The human brain is well honed through eons of evolution. That means it’s ok to trust your first instinct. Sure sometimes you’ll be wrong, but that’s an inevitability anyway. Surround yourself with clever people that counter your blind spots and keep moving.
Ever feel like there just ‘isn’t enough time’? Sure, I could sit here and wax lyrical about how time management isn’t a capacity problem, it’s a prioritisation problem. And that perhaps you should spend more time aligning yourself with the Eisenhower Matrix. ...But you’ve likely heard all that before. The truth is that most of the time it’s a pipedream that doesn’t survive its crash landing with reality. So here's another option.
We all like to pretend that logic drives our project decisions. ..But every project portfolio I’ve ever seen has some form of ‘captains call’ for those projects that don’t stack up but are happening anyway.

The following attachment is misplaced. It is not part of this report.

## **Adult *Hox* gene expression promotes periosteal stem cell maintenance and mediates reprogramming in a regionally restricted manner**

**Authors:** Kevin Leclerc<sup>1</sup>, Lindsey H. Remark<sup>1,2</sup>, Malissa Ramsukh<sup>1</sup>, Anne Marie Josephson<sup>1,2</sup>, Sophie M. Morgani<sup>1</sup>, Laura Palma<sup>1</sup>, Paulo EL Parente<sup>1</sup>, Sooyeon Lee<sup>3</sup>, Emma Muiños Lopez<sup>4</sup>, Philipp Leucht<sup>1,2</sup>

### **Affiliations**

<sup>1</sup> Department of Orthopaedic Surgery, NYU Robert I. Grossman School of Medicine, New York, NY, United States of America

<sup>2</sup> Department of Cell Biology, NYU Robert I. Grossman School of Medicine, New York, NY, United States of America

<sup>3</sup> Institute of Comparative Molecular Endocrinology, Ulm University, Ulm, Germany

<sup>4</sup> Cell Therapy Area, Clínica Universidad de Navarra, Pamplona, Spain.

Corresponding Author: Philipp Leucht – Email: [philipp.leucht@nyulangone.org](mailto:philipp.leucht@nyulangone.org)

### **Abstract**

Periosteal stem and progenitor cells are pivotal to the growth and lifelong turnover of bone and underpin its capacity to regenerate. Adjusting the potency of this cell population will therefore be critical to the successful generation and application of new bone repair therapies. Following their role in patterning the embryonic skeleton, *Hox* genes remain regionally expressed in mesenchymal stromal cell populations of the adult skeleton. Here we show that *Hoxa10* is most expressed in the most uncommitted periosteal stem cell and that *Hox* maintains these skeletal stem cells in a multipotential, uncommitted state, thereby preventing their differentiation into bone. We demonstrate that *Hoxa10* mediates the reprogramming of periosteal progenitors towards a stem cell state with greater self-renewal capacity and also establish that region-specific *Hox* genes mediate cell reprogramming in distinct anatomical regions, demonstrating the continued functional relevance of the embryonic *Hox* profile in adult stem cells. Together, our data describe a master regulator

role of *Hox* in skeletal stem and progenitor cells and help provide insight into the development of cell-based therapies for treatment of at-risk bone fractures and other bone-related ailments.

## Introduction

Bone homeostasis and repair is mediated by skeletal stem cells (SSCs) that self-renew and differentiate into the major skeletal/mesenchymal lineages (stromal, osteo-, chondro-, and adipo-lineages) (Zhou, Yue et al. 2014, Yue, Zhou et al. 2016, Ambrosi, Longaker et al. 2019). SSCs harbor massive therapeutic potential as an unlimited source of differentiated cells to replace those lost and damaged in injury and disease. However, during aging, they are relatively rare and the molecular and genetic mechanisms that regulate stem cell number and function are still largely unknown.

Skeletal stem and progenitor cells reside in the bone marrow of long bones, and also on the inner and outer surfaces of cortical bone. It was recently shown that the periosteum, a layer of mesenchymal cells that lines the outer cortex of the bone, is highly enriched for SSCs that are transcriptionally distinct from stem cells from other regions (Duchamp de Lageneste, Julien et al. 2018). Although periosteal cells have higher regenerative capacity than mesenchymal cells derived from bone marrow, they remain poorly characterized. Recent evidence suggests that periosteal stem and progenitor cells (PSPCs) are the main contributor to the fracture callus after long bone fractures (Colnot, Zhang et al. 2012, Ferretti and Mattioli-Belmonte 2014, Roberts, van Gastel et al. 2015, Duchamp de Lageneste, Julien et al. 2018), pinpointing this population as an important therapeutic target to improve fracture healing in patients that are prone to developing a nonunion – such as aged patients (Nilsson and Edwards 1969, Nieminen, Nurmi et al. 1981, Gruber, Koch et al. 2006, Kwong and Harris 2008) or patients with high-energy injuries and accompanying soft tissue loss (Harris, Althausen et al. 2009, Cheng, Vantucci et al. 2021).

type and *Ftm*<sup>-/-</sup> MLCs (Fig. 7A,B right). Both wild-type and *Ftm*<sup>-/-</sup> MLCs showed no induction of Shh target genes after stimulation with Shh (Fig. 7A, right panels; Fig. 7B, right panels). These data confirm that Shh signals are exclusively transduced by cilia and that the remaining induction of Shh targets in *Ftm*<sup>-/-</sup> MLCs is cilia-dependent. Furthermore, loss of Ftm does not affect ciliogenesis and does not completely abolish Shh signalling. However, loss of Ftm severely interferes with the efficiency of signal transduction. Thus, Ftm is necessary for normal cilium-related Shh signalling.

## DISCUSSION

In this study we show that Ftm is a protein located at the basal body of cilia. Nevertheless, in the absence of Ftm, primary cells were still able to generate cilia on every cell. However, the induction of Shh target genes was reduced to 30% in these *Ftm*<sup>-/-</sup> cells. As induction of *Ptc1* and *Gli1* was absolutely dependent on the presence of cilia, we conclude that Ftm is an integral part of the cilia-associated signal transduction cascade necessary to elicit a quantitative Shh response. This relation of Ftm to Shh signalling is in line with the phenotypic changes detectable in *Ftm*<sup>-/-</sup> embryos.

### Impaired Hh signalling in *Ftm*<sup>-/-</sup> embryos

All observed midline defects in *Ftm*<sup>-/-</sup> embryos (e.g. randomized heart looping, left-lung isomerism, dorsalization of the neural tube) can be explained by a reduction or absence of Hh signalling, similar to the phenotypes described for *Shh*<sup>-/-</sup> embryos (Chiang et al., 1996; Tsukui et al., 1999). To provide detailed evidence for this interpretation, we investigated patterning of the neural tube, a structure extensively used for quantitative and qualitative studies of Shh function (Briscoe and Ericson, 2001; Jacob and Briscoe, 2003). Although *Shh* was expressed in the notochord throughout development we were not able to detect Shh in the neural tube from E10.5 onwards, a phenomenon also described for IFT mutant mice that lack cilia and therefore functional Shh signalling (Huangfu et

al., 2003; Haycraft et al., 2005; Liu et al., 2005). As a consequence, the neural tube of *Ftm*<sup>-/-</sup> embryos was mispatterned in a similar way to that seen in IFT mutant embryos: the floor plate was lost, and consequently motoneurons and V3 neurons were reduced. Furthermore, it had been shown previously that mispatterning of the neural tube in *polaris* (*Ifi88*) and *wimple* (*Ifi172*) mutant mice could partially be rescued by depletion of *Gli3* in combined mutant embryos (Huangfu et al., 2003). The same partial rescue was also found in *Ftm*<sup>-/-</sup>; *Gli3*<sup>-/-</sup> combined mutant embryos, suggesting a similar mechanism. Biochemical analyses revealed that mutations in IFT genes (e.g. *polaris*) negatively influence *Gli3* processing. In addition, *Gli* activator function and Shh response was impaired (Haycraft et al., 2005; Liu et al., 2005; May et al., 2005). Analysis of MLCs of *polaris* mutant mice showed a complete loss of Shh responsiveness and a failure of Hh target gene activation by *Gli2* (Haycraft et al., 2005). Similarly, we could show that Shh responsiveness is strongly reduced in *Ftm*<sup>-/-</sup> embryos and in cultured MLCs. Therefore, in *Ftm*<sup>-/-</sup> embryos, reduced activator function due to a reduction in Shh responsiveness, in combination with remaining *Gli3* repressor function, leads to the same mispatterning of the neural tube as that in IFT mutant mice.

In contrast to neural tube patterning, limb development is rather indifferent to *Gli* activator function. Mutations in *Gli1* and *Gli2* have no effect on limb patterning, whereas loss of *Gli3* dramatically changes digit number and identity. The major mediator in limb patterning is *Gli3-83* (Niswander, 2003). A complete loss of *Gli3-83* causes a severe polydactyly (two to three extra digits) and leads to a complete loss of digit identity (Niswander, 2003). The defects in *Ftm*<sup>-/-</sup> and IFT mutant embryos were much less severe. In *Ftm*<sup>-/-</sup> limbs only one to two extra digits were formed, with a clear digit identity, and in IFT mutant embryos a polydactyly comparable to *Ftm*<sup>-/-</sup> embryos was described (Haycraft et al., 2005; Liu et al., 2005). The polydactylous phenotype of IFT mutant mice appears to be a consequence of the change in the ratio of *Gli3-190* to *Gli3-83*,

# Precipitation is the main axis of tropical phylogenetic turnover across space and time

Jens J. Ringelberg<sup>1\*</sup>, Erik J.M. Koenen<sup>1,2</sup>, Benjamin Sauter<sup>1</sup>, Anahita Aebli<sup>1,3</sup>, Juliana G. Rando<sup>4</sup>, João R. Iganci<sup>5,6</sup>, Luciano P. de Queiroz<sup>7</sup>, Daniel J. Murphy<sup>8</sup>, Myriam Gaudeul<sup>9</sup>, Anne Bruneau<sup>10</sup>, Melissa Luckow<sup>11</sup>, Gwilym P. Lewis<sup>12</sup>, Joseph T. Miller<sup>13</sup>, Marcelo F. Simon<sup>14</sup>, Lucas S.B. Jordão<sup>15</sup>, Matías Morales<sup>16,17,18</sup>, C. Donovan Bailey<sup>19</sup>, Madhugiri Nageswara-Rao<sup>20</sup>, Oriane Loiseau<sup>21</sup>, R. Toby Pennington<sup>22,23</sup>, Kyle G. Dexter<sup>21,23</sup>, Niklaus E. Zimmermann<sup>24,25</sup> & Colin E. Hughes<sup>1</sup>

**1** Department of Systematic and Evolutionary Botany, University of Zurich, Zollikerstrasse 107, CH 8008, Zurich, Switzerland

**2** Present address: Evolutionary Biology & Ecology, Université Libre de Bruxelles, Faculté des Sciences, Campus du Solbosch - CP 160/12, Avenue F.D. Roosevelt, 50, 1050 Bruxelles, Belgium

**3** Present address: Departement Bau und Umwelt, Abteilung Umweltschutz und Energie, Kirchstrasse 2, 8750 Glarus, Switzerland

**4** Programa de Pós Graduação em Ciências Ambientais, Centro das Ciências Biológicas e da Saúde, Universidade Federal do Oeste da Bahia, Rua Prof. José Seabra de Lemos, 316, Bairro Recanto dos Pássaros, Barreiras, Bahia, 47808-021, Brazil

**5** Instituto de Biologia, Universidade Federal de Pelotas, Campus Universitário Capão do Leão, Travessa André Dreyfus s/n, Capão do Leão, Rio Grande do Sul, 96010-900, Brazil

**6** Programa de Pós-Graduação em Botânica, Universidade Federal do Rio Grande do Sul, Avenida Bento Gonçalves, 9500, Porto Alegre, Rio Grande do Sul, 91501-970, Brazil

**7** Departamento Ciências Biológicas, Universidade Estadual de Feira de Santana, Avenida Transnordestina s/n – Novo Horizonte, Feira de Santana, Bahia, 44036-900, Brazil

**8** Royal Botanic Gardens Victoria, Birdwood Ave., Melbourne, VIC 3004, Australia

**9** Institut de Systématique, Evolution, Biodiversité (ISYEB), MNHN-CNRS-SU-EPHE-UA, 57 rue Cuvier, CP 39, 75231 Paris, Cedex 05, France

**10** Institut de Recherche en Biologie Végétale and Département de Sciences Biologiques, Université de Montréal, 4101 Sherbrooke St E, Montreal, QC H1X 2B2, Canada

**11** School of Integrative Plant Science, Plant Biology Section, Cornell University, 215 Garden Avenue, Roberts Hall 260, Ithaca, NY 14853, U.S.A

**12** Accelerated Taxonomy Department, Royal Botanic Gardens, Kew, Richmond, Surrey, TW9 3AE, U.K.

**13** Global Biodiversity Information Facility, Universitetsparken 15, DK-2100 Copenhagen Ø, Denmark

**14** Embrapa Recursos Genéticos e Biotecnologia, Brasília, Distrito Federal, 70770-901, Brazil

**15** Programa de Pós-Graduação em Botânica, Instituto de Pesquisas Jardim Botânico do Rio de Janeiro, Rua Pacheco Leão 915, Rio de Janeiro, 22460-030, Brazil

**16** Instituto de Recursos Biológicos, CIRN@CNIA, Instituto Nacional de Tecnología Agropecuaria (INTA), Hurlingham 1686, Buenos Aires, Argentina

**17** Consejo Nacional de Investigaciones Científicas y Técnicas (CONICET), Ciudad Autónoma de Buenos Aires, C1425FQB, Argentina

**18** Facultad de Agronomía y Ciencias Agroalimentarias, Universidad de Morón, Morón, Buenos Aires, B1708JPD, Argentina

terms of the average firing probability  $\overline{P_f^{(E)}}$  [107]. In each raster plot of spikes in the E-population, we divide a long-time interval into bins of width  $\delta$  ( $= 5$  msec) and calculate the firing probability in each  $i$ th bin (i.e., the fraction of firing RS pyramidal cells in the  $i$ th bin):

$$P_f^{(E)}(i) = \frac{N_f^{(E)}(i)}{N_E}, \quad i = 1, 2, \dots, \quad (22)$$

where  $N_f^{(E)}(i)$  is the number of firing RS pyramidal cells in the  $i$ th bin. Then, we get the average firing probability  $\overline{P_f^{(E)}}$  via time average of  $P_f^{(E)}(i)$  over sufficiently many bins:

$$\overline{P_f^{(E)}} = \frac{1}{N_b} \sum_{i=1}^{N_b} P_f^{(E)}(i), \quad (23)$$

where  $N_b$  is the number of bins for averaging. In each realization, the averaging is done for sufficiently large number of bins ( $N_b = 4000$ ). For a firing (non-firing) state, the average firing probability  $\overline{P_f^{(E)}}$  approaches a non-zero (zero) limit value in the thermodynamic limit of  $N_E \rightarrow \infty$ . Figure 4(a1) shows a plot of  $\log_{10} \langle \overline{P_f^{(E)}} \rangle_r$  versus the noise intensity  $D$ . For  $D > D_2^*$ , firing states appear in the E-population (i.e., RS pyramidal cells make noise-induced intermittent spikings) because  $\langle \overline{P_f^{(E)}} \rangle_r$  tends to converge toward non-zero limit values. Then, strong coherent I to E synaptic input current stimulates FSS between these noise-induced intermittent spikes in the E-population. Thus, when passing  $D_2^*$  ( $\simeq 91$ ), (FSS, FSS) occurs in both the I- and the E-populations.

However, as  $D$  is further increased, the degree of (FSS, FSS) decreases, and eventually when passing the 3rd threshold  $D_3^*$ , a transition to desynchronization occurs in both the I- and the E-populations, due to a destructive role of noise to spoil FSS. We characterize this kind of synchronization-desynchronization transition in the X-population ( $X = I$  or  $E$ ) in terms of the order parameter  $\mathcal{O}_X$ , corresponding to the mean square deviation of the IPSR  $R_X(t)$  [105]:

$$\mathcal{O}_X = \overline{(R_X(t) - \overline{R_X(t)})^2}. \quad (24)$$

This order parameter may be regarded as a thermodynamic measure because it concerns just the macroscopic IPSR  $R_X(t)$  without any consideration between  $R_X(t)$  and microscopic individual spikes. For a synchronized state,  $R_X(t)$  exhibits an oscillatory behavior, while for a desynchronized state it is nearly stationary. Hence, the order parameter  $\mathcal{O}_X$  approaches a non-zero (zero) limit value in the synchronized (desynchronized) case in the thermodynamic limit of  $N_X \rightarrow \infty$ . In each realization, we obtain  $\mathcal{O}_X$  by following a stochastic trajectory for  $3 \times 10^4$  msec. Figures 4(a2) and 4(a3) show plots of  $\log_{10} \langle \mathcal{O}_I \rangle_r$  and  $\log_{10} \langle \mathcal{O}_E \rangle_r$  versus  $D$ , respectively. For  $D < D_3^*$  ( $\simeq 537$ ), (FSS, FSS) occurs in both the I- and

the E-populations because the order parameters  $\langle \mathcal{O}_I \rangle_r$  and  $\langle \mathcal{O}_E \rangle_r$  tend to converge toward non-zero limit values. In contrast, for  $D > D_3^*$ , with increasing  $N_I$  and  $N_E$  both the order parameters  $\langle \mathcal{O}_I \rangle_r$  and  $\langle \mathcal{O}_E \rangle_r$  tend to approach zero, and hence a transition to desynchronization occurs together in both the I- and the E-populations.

Despite the billions of dollars across the globe thrown at change management frameworks and training → I’m yet to see any organisation with a consistent, effective approach to it. I’m not saying they don’t exist… but I am saying they’re rarer than hens teeth. Earlier this week it finally clicked: Change Management is an oxymoron. It’s trying to push a square, logical peg into the round hole of emotional decision making.
It’s hard to believe that my book - Valuable Change - has now been out for well over a year. It’s funny how time changes things, and what living with your own content for that amount of time does… So here's what 12+ months of talking about it has lead to ---- Valuable Change in just 12 lines.
The hardest person to give advice to is yourself (because you’re the only one that knows what skeletons you hide in your closet.) So pretend you’re giving advice to someone else instead.